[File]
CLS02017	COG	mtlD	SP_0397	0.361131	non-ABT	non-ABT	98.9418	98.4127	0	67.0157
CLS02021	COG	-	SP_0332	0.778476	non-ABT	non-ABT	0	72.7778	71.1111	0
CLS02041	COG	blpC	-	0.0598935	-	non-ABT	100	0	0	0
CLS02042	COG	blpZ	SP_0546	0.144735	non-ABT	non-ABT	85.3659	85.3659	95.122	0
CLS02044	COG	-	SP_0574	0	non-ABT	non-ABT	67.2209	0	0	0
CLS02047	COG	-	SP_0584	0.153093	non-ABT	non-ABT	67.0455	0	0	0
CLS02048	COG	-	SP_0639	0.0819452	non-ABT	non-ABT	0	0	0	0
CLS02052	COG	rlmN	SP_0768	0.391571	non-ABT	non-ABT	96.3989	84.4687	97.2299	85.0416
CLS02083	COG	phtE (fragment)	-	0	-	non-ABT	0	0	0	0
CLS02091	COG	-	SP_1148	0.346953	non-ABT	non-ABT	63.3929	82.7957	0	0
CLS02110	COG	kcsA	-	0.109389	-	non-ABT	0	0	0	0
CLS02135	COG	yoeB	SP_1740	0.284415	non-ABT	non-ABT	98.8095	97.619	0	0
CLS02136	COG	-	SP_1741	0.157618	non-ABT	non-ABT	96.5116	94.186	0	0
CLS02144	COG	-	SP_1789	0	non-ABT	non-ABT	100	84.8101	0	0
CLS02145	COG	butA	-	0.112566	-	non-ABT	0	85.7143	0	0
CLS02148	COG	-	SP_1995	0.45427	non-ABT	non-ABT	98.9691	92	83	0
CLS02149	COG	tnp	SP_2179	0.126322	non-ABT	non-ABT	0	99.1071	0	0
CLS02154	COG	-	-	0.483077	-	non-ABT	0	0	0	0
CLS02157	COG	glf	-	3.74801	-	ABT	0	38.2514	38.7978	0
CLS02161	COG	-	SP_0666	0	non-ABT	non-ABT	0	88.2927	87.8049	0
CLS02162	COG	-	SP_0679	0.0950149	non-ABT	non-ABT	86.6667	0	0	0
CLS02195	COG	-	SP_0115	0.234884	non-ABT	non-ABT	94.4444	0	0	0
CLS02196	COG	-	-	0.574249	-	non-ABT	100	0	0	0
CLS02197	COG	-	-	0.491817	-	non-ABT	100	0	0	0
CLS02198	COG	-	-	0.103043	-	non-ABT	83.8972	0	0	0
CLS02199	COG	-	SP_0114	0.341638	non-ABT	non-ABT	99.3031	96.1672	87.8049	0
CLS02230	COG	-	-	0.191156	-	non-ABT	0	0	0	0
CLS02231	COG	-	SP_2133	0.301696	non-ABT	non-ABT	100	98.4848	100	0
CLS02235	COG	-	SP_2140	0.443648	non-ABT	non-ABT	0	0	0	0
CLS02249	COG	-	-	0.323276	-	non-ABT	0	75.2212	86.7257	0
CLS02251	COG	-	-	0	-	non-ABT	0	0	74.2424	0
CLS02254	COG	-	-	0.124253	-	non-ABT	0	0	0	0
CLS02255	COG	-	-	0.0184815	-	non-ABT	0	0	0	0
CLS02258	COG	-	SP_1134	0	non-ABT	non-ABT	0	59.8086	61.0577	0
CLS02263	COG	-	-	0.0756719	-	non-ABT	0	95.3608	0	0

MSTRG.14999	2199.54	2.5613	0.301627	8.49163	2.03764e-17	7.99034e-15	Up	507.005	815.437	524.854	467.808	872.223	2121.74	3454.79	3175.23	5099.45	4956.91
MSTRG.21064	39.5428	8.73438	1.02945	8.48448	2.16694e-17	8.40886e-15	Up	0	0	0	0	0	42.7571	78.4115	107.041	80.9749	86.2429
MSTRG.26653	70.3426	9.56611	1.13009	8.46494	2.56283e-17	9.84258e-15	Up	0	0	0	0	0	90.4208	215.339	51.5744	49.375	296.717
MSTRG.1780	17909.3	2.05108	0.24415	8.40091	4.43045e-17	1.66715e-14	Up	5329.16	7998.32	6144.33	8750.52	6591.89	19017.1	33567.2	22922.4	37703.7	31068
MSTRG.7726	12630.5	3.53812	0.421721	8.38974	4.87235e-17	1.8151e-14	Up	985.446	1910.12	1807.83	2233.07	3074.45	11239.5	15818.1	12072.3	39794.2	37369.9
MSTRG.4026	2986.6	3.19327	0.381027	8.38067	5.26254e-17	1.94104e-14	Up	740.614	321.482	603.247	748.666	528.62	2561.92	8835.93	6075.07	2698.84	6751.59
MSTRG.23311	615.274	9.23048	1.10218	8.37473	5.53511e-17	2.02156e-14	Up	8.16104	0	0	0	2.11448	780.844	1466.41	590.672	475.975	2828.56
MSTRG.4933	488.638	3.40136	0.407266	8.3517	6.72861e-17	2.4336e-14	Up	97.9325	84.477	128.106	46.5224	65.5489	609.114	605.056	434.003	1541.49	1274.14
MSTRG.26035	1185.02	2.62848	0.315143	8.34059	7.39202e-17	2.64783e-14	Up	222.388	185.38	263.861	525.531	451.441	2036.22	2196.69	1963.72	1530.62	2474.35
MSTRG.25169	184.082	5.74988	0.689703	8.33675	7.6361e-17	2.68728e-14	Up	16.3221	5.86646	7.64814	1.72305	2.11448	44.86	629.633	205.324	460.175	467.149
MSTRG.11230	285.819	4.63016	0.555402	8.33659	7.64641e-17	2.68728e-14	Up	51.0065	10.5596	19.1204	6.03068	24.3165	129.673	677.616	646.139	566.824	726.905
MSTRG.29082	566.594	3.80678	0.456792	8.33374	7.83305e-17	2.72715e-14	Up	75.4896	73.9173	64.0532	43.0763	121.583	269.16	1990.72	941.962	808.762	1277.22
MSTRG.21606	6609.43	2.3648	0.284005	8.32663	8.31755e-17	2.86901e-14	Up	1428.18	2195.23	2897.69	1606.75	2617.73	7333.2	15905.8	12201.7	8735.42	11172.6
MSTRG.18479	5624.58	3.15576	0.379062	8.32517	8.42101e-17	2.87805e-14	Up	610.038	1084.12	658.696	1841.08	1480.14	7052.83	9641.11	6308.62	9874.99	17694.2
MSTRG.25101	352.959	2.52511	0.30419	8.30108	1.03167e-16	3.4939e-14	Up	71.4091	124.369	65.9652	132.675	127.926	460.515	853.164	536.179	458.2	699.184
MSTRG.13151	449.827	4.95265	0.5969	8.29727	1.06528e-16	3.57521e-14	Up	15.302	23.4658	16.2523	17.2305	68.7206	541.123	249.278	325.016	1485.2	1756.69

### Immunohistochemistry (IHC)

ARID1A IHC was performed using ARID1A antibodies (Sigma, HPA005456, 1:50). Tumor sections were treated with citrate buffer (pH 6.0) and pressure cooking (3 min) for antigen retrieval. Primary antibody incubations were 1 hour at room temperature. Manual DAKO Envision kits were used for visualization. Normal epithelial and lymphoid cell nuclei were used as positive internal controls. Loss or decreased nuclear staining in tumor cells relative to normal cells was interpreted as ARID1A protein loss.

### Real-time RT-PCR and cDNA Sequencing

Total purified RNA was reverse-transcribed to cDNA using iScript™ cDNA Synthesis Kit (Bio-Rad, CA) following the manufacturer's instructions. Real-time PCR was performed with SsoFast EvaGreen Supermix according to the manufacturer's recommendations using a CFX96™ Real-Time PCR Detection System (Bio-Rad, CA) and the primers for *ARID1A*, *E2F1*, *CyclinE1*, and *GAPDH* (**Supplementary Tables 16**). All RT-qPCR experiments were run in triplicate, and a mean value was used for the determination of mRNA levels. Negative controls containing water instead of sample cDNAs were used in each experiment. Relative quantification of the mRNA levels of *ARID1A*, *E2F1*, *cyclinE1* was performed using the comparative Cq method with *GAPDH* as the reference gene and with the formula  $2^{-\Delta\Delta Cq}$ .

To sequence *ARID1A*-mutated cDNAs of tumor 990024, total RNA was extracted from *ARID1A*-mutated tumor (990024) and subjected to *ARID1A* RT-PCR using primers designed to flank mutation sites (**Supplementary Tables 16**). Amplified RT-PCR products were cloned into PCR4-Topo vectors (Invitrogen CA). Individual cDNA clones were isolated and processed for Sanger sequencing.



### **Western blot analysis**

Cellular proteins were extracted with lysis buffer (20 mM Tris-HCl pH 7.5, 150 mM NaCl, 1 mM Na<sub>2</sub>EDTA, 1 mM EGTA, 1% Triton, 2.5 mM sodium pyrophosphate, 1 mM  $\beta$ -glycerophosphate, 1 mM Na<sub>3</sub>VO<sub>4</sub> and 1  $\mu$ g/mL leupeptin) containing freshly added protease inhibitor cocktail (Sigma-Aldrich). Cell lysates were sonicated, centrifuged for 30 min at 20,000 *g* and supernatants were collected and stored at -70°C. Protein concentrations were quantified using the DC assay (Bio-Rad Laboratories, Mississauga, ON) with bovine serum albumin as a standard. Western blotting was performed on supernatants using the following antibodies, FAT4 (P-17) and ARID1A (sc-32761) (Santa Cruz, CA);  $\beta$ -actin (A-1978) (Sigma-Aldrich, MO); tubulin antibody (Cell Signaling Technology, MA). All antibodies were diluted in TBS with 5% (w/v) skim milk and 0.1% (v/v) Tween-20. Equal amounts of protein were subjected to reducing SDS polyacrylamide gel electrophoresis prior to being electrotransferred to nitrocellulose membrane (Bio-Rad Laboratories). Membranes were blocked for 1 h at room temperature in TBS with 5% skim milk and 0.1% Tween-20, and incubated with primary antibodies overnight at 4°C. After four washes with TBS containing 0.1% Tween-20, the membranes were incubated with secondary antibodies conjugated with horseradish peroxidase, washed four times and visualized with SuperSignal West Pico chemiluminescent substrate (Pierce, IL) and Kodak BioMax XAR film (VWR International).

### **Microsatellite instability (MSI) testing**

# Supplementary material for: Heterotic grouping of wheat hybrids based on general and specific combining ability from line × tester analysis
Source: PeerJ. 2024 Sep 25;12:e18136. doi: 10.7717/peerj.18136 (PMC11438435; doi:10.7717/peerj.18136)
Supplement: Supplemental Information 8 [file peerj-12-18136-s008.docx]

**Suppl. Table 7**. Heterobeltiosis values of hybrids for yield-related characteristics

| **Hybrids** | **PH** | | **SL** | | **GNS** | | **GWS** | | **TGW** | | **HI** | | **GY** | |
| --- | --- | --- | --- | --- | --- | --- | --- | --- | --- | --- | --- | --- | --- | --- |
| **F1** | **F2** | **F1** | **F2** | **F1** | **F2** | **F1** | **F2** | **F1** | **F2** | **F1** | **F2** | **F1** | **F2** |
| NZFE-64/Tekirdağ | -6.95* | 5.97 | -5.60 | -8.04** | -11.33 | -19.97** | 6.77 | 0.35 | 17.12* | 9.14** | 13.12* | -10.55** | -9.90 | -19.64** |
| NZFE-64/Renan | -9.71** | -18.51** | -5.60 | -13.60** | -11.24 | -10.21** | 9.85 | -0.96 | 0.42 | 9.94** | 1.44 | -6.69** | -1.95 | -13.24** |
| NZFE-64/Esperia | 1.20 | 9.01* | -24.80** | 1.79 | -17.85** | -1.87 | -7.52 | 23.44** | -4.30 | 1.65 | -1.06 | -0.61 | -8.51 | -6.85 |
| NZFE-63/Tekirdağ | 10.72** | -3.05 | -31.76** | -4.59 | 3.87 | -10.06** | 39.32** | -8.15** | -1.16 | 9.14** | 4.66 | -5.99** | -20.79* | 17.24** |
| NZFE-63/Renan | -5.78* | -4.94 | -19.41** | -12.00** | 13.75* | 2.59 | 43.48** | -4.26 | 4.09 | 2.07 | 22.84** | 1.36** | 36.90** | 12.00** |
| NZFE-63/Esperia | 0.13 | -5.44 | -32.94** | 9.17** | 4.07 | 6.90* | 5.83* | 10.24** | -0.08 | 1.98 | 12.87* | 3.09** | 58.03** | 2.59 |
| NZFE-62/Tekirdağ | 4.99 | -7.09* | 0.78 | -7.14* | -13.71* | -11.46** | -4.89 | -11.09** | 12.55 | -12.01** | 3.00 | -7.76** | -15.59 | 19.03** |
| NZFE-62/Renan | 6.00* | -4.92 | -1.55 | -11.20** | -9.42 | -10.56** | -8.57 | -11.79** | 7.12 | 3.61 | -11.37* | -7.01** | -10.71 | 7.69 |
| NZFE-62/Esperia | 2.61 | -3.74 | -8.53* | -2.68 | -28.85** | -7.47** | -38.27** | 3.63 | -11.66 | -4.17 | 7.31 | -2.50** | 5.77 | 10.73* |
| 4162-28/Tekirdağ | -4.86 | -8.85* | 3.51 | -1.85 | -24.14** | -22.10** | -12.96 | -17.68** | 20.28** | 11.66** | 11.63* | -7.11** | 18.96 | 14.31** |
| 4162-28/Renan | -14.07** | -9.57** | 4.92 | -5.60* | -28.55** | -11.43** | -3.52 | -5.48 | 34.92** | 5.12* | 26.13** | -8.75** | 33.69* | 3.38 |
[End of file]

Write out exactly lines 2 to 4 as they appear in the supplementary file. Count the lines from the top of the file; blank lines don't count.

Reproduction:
CLS02021	COG	-	SP_0332	0.778476	non-ABT	non-ABT	0	72.7778	71.1111	0
CLS02041	COG	blpC	-	0.0598935	-	non-ABT	100	0	0	0
CLS02042	COG	blpZ	SP_0546	0.144735	non-ABT	non-ABT	85.3659	85.3659	95.122	0